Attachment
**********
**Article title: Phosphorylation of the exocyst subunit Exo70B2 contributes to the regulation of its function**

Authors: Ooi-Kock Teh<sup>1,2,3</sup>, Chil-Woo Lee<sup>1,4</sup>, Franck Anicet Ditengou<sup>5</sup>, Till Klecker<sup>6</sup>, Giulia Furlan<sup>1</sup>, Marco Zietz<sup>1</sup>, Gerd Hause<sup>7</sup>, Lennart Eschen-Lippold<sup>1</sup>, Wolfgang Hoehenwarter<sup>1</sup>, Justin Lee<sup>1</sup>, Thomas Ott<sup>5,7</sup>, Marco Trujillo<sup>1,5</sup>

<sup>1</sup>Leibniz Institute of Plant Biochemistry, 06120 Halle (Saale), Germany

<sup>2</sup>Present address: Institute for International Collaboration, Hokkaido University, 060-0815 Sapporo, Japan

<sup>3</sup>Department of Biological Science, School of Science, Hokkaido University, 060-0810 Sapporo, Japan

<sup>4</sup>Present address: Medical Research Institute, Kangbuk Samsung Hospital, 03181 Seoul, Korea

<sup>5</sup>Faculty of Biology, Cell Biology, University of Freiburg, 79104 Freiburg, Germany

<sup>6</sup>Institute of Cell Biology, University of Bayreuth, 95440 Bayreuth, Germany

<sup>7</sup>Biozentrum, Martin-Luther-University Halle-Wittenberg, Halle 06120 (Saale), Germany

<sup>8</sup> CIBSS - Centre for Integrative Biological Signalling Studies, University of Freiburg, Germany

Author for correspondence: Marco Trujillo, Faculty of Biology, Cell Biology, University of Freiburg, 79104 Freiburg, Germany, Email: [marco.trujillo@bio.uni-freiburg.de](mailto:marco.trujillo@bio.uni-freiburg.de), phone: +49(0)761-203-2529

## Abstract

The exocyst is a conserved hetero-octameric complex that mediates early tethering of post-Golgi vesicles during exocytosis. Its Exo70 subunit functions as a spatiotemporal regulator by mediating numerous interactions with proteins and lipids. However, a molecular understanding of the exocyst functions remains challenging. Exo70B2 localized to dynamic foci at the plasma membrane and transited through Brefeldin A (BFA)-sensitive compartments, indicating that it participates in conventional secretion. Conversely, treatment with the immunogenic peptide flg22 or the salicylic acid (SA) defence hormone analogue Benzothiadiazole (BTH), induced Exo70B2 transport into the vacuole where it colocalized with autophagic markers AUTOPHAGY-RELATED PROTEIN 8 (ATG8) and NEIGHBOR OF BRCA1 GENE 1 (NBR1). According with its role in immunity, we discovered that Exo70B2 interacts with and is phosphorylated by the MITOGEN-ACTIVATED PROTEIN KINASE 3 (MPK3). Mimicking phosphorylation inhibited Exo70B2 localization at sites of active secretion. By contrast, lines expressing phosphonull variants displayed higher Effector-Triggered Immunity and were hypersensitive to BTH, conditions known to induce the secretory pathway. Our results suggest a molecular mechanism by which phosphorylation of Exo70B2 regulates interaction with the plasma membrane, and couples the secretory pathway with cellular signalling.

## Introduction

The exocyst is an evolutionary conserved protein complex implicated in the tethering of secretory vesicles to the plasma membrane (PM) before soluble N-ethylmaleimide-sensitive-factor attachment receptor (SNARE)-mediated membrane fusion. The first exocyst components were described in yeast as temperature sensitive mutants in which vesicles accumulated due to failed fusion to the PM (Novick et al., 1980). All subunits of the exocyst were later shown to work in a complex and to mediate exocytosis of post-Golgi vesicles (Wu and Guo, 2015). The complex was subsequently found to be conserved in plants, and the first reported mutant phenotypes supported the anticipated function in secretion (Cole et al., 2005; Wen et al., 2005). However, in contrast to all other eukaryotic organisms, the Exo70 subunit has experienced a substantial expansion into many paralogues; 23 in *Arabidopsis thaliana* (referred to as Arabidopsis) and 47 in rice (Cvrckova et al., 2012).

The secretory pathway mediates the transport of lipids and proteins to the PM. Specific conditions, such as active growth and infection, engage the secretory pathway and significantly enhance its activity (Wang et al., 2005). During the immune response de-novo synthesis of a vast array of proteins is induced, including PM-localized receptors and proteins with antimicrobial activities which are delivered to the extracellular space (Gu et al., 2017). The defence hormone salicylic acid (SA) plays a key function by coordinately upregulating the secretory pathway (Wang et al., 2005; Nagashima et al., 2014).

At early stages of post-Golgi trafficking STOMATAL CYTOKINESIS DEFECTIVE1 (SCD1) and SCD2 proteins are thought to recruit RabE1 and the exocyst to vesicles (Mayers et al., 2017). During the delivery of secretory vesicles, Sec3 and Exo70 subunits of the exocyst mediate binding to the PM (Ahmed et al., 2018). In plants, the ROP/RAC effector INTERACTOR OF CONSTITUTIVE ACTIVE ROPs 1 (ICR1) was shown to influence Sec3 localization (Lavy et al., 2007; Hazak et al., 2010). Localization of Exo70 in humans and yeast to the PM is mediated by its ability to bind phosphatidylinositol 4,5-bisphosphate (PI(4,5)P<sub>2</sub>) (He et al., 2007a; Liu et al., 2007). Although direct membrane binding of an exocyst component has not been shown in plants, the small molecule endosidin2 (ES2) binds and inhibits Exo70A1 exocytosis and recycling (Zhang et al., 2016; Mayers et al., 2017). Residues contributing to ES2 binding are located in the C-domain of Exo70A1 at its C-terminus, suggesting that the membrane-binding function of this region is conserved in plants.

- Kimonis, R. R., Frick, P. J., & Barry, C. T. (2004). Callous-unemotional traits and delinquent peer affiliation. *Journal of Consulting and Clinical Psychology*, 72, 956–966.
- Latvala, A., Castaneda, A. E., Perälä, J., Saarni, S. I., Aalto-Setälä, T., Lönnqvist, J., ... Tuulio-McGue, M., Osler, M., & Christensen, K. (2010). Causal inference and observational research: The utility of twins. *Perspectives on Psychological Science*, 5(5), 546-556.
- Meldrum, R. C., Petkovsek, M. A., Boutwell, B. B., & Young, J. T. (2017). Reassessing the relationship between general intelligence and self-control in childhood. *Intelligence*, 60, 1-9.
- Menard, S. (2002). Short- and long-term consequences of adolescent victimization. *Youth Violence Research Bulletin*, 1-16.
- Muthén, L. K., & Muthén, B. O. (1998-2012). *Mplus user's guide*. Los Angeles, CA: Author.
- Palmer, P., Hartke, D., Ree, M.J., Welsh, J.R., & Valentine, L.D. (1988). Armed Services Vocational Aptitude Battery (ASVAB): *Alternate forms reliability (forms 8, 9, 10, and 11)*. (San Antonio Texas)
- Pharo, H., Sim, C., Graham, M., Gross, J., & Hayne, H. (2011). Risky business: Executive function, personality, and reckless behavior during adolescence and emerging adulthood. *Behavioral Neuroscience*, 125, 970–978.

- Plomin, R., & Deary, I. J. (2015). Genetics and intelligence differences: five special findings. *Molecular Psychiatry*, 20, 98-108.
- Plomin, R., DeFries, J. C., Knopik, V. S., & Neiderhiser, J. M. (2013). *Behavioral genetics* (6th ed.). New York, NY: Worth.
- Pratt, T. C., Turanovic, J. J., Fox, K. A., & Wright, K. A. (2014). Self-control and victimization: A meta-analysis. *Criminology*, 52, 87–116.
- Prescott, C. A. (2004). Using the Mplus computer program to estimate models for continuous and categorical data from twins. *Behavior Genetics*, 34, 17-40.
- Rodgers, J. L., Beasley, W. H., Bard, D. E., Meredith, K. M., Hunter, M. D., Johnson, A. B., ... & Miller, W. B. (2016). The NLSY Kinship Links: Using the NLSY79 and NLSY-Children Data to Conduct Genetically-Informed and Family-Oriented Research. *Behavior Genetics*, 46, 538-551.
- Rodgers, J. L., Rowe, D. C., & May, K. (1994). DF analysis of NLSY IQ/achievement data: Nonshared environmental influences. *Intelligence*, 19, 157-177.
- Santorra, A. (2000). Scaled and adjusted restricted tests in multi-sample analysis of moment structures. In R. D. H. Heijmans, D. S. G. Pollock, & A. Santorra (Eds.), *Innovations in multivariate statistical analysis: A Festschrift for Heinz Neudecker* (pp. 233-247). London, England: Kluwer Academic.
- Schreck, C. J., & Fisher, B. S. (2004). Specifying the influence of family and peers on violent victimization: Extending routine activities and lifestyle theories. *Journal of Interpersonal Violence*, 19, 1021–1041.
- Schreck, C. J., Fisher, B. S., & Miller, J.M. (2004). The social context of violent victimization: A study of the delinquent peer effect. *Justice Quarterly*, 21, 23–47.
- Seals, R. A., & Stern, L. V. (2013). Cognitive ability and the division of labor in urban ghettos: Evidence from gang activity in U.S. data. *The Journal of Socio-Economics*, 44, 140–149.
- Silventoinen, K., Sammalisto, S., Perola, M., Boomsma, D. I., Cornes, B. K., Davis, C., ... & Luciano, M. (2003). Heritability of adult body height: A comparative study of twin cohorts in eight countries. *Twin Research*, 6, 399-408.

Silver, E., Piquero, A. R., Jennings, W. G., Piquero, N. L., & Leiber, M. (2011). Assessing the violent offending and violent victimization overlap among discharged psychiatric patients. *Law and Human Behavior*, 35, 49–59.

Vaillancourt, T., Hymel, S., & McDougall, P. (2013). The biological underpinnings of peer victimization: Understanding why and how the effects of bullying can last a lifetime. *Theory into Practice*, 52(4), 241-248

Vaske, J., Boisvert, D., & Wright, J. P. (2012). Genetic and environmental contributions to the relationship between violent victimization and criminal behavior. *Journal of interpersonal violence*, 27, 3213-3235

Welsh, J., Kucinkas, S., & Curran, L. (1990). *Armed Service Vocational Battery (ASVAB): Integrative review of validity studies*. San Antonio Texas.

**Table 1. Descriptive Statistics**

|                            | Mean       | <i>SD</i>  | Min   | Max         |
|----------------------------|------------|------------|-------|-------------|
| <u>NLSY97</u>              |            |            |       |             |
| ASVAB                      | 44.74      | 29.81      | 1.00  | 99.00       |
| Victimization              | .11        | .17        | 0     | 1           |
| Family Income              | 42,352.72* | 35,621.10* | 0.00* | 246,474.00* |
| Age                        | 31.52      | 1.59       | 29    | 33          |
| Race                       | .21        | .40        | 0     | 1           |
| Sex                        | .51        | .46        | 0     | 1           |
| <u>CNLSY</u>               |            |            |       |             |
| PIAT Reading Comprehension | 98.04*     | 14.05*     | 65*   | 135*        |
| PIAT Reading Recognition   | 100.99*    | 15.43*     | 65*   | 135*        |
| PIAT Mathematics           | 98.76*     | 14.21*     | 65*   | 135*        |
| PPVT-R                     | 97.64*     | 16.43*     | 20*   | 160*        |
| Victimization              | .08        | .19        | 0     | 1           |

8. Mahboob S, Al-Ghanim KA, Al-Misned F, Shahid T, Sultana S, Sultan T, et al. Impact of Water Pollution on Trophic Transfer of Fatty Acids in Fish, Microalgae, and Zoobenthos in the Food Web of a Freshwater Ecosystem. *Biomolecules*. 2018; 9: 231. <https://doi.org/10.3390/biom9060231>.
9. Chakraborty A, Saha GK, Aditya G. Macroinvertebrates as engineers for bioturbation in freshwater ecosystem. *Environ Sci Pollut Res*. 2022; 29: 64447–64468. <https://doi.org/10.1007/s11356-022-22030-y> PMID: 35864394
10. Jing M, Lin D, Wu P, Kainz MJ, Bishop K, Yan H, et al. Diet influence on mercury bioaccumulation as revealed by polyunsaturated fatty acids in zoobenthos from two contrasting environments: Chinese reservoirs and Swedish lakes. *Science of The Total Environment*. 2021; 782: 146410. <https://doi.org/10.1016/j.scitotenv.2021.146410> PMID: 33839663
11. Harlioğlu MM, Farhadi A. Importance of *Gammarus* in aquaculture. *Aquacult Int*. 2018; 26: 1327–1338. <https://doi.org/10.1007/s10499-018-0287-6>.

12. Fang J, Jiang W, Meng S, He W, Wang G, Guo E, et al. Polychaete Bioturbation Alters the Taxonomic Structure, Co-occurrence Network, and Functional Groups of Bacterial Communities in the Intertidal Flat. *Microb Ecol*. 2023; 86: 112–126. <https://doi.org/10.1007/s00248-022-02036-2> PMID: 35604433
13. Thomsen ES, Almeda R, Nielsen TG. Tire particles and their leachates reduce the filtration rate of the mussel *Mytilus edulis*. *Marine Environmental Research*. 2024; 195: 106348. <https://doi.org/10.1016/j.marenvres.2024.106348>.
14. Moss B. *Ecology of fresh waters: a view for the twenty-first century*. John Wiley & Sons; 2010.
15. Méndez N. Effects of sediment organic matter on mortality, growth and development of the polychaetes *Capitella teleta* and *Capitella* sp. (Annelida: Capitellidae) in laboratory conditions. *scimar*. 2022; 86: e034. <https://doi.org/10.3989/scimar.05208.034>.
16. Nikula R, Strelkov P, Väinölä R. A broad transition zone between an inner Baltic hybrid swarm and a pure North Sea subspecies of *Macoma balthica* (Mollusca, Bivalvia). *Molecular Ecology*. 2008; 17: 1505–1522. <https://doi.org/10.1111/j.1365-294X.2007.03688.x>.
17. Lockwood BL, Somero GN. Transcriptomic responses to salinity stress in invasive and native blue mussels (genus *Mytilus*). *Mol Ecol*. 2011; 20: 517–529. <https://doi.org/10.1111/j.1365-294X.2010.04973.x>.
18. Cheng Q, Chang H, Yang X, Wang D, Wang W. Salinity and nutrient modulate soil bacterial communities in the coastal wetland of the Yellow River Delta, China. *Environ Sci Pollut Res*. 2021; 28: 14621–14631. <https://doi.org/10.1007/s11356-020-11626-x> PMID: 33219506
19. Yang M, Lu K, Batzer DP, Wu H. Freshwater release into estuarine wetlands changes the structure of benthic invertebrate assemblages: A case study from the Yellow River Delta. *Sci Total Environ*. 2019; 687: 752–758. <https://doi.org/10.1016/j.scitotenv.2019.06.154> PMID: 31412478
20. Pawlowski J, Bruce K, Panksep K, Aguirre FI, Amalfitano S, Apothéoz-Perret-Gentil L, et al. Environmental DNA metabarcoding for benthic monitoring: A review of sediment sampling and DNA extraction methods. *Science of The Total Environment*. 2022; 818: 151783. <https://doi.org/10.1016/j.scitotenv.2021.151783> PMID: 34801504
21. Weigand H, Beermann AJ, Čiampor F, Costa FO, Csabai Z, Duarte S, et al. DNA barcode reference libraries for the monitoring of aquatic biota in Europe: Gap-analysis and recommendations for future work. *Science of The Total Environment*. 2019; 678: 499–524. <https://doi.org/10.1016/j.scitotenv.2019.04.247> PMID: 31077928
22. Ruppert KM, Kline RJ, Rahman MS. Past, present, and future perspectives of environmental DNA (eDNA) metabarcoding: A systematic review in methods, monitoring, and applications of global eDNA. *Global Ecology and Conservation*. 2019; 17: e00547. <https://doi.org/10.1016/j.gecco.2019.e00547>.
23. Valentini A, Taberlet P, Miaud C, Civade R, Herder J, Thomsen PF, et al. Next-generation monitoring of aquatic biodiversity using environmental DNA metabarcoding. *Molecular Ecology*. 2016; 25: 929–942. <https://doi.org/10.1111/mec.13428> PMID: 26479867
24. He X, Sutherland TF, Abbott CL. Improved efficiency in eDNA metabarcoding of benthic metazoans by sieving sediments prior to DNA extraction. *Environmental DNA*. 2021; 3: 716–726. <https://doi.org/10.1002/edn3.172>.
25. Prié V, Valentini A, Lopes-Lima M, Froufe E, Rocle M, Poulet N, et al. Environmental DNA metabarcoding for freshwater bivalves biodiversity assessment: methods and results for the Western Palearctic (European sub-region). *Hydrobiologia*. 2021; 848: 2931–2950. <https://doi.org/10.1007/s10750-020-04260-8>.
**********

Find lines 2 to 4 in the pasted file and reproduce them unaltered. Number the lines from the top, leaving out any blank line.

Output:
Authors: Ooi-Kock Teh<sup>1,2,3</sup>, Chil-Woo Lee<sup>1,4</sup>, Franck Anicet Ditengou<sup>5</sup>, Till Klecker<sup>6</sup>, Giulia Furlan<sup>1</sup>, Marco Zietz<sup>1</sup>, Gerd Hause<sup>7</sup>, Lennart Eschen-Lippold<sup>1</sup>, Wolfgang Hoehenwarter<sup>1</sup>, Justin Lee<sup>1</sup>, Thomas Ott<sup>5,7</sup>, Marco Trujillo<sup>1,5</sup>

<sup>1</sup>Leibniz Institute of Plant Biochemistry, 06120 Halle (Saale), Germany

<sup>2</sup>Present address: Institute for International Collaboration, Hokkaido University, 060-0815 Sapporo, Japan